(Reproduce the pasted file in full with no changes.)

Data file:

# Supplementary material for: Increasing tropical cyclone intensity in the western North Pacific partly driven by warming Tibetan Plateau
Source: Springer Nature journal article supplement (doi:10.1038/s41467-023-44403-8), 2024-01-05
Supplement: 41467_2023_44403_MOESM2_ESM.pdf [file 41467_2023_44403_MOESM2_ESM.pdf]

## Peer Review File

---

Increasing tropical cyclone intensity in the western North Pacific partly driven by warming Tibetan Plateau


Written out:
# Supplementary material for: Increasing tropical cyclone intensity in the western North Pacific partly driven by warming Tibetan Plateau
Source: Springer Nature journal article supplement (doi:10.1038/s41467-023-44403-8), 2024-01-05
Supplement: 41467_2023_44403_MOESM2_ESM.pdf [file 41467_2023_44403_MOESM2_ESM.pdf]

## Peer Review File

---

Increasing tropical cyclone intensity in the western North Pacific partly driven by warming Tibetan Plateau